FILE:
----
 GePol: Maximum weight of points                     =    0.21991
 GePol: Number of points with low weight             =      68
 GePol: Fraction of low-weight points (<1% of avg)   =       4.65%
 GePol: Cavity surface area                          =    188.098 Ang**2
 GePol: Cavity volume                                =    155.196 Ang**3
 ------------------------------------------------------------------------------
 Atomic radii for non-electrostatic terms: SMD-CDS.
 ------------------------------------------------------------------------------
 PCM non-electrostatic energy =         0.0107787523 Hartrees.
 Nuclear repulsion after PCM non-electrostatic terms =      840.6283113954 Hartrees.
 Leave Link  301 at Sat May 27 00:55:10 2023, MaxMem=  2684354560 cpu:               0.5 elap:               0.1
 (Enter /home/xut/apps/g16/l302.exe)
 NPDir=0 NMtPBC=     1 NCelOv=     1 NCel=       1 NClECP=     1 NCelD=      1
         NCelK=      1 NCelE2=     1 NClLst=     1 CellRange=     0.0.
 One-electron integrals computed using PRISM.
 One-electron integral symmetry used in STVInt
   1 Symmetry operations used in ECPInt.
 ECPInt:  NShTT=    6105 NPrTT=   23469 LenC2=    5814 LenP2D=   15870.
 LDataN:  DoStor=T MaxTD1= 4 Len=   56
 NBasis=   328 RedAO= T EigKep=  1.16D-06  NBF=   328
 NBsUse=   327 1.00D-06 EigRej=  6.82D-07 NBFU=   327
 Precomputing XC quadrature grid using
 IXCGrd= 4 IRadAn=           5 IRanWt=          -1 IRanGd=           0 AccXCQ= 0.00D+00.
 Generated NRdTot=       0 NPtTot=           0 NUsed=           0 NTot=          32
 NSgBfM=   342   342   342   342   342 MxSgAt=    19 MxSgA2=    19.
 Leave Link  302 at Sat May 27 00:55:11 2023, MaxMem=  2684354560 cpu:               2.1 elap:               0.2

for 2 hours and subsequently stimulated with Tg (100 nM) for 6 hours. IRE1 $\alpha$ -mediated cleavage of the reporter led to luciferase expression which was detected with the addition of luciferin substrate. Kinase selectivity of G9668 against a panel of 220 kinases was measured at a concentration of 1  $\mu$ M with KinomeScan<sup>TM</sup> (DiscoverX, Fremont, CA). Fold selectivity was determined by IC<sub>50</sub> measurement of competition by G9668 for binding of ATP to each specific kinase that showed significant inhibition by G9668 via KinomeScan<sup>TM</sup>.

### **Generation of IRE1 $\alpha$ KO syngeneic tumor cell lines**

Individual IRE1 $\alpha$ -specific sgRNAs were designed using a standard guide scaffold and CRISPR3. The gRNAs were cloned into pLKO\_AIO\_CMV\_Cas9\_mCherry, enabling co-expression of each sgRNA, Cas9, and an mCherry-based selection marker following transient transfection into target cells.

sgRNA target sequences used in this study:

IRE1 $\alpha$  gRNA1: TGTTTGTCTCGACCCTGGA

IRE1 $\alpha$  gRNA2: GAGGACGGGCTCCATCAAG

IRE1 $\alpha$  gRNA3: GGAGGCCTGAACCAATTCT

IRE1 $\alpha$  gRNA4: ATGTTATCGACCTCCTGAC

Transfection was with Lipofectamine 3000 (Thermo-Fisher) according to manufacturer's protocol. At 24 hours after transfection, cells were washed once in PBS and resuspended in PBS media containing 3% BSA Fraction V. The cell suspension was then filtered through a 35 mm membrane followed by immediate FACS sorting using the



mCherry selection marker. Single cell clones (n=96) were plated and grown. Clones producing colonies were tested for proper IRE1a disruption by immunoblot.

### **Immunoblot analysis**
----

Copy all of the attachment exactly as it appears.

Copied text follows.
 GePol: Maximum weight of points                     =    0.21991
 GePol: Number of points with low weight             =      68
 GePol: Fraction of low-weight points (<1% of avg)   =       4.65%
 GePol: Cavity surface area                          =    188.098 Ang**2
 GePol: Cavity volume                                =    155.196 Ang**3
 ------------------------------------------------------------------------------
 Atomic radii for non-electrostatic terms: SMD-CDS.
 ------------------------------------------------------------------------------
 PCM non-electrostatic energy =         0.0107787523 Hartrees.
 Nuclear repulsion after PCM non-electrostatic terms =      840.6283113954 Hartrees.
 Leave Link  301 at Sat May 27 00:55:10 2023, MaxMem=  2684354560 cpu:               0.5 elap:               0.1
 (Enter /home/xut/apps/g16/l302.exe)
 NPDir=0 NMtPBC=     1 NCelOv=     1 NCel=       1 NClECP=     1 NCelD=      1
         NCelK=      1 NCelE2=     1 NClLst=     1 CellRange=     0.0.
 One-electron integrals computed using PRISM.
 One-electron integral symmetry used in STVInt
   1 Symmetry operations used in ECPInt.
 ECPInt:  NShTT=    6105 NPrTT=   23469 LenC2=    5814 LenP2D=   15870.
 LDataN:  DoStor=T MaxTD1= 4 Len=   56
 NBasis=   328 RedAO= T EigKep=  1.16D-06  NBF=   328
 NBsUse=   327 1.00D-06 EigRej=  6.82D-07 NBFU=   327
 Precomputing XC quadrature grid using
 IXCGrd= 4 IRadAn=           5 IRanWt=          -1 IRanGd=           0 AccXCQ= 0.00D+00.
 Generated NRdTot=       0 NPtTot=           0 NUsed=           0 NTot=          32
 NSgBfM=   342   342   342   342   342 MxSgAt=    19 MxSgA2=    19.
 Leave Link  302 at Sat May 27 00:55:11 2023, MaxMem=  2684354560 cpu:               2.1 elap:               0.2

for 2 hours and subsequently stimulated with Tg (100 nM) for 6 hours. IRE1 $\alpha$ -mediated cleavage of the reporter led to luciferase expression which was detected with the addition of luciferin substrate. Kinase selectivity of G9668 against a panel of 220 kinases was measured at a concentration of 1  $\mu$ M with KinomeScan<sup>TM</sup> (DiscoverX, Fremont, CA). Fold selectivity was determined by IC<sub>50</sub> measurement of competition by G9668 for binding of ATP to each specific kinase that showed significant inhibition by G9668 via KinomeScan<sup>TM</sup>.

### **Generation of IRE1 $\alpha$ KO syngeneic tumor cell lines**

Individual IRE1 $\alpha$ -specific sgRNAs were designed using a standard guide scaffold and CRISPR3. The gRNAs were cloned into pLKO\_AIO\_CMV\_Cas9\_mCherry, enabling co-expression of each sgRNA, Cas9, and an mCherry-based selection marker following transient transfection into target cells.

sgRNA target sequences used in this study:

IRE1 $\alpha$  gRNA1: TGTTTGTCTCGACCCTGGA

IRE1 $\alpha$  gRNA2: GAGGACGGGCTCCATCAAG

IRE1 $\alpha$  gRNA3: GGAGGCCTGAACCAATTCT

IRE1 $\alpha$  gRNA4: ATGTTATCGACCTCCTGAC

Transfection was with Lipofectamine 3000 (Thermo-Fisher) according to manufacturer's protocol. At 24 hours after transfection, cells were washed once in PBS and resuspended in PBS media containing 3% BSA Fraction V. The cell suspension was then filtered through a 35 mm membrane followed by immediate FACS sorting using the



mCherry selection marker. Single cell clones (n=96) were plated and grown. Clones producing colonies were tested for proper IRE1a disruption by immunoblot.

### **Immunoblot analysis**